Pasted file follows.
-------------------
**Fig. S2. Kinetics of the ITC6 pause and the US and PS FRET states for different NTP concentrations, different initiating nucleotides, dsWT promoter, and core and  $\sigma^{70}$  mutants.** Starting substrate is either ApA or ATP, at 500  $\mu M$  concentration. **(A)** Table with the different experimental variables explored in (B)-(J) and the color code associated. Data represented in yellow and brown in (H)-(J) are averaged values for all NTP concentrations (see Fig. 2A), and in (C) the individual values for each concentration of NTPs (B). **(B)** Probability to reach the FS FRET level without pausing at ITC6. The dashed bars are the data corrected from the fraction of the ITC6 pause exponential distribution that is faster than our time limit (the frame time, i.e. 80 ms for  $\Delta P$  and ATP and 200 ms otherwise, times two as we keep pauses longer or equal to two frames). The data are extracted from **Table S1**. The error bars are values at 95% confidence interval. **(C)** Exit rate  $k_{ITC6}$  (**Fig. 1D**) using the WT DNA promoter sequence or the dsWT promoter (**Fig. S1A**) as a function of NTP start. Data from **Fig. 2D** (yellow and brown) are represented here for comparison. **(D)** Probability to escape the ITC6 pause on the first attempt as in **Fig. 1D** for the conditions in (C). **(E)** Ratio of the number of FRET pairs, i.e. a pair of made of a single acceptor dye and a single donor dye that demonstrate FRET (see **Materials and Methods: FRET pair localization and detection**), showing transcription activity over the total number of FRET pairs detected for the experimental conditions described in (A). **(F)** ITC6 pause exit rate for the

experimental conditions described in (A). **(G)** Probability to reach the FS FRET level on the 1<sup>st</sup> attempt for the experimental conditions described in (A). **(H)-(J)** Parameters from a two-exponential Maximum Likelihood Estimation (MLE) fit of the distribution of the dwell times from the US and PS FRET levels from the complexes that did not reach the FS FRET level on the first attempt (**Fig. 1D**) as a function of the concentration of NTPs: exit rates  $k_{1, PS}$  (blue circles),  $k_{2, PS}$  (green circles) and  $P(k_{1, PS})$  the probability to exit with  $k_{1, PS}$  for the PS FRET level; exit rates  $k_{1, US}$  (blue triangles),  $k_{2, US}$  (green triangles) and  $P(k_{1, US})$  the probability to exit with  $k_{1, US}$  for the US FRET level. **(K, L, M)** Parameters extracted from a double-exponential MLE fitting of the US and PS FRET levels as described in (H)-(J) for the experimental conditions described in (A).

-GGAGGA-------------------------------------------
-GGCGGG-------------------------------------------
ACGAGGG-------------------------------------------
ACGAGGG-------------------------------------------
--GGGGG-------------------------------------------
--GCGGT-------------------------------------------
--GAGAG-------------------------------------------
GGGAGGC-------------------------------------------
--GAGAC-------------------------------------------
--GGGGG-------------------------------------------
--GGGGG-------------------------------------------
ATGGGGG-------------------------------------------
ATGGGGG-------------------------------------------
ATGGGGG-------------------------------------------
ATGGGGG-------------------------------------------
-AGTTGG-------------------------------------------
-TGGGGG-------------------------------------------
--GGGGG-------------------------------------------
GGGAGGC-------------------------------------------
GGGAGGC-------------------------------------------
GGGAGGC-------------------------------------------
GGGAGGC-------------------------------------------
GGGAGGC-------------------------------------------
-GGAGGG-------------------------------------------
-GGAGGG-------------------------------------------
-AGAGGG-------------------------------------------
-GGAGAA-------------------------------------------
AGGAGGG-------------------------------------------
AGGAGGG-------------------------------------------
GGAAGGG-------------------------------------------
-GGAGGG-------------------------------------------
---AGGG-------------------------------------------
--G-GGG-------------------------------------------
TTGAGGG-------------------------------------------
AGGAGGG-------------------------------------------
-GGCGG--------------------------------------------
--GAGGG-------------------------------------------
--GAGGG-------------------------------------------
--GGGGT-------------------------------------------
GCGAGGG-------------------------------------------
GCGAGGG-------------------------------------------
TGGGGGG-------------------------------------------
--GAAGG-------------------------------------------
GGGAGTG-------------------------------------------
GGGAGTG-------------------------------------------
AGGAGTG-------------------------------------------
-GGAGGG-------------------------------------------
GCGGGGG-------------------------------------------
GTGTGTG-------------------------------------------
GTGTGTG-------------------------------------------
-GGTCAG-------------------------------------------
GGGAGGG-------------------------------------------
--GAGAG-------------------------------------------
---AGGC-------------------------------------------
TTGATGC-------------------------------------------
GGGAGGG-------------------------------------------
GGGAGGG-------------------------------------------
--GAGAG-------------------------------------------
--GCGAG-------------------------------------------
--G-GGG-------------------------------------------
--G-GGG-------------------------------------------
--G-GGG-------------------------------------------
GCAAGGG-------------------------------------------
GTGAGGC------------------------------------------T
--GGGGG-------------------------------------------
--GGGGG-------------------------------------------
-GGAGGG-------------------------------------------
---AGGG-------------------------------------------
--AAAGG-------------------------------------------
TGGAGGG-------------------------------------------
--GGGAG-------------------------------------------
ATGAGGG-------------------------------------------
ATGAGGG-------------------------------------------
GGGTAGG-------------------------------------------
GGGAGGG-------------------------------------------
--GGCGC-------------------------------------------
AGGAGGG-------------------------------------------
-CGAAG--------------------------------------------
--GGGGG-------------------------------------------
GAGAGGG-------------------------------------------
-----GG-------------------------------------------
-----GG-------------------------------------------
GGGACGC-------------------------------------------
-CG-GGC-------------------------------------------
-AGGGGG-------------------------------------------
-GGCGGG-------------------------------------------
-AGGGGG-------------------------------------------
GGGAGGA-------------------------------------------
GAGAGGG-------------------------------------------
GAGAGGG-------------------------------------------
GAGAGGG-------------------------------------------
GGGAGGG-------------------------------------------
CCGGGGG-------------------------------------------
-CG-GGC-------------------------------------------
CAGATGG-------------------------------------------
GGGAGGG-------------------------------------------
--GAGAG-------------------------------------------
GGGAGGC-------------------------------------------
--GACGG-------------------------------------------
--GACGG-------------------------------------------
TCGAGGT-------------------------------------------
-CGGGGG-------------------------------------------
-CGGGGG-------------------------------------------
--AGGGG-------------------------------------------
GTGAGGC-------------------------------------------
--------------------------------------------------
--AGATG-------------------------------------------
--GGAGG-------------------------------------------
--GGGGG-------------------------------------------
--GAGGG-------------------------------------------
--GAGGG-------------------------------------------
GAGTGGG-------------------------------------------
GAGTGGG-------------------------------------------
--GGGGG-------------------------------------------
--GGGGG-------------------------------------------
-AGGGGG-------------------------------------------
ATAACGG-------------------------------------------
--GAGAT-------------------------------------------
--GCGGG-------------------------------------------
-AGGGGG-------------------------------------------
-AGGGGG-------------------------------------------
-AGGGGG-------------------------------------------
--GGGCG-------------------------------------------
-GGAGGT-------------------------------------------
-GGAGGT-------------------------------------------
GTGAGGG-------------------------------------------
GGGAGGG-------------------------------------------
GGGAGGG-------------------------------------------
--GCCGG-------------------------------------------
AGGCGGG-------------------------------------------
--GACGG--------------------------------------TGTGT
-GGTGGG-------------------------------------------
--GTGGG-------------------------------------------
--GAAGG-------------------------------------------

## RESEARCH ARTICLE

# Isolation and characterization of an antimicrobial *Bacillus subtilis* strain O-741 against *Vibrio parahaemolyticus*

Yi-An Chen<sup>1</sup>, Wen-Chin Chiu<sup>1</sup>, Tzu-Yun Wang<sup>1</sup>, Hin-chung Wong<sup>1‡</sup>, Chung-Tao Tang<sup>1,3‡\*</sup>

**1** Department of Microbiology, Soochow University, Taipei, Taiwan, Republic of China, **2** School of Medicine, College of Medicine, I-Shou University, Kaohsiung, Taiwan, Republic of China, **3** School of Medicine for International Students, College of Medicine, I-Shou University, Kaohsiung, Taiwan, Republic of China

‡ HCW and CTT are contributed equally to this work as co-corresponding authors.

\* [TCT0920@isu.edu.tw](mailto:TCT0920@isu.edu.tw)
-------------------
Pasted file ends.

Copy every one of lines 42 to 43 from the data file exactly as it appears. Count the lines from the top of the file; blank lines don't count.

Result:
GCGAGGG-------------------------------------------
GCGAGGG-------------------------------------------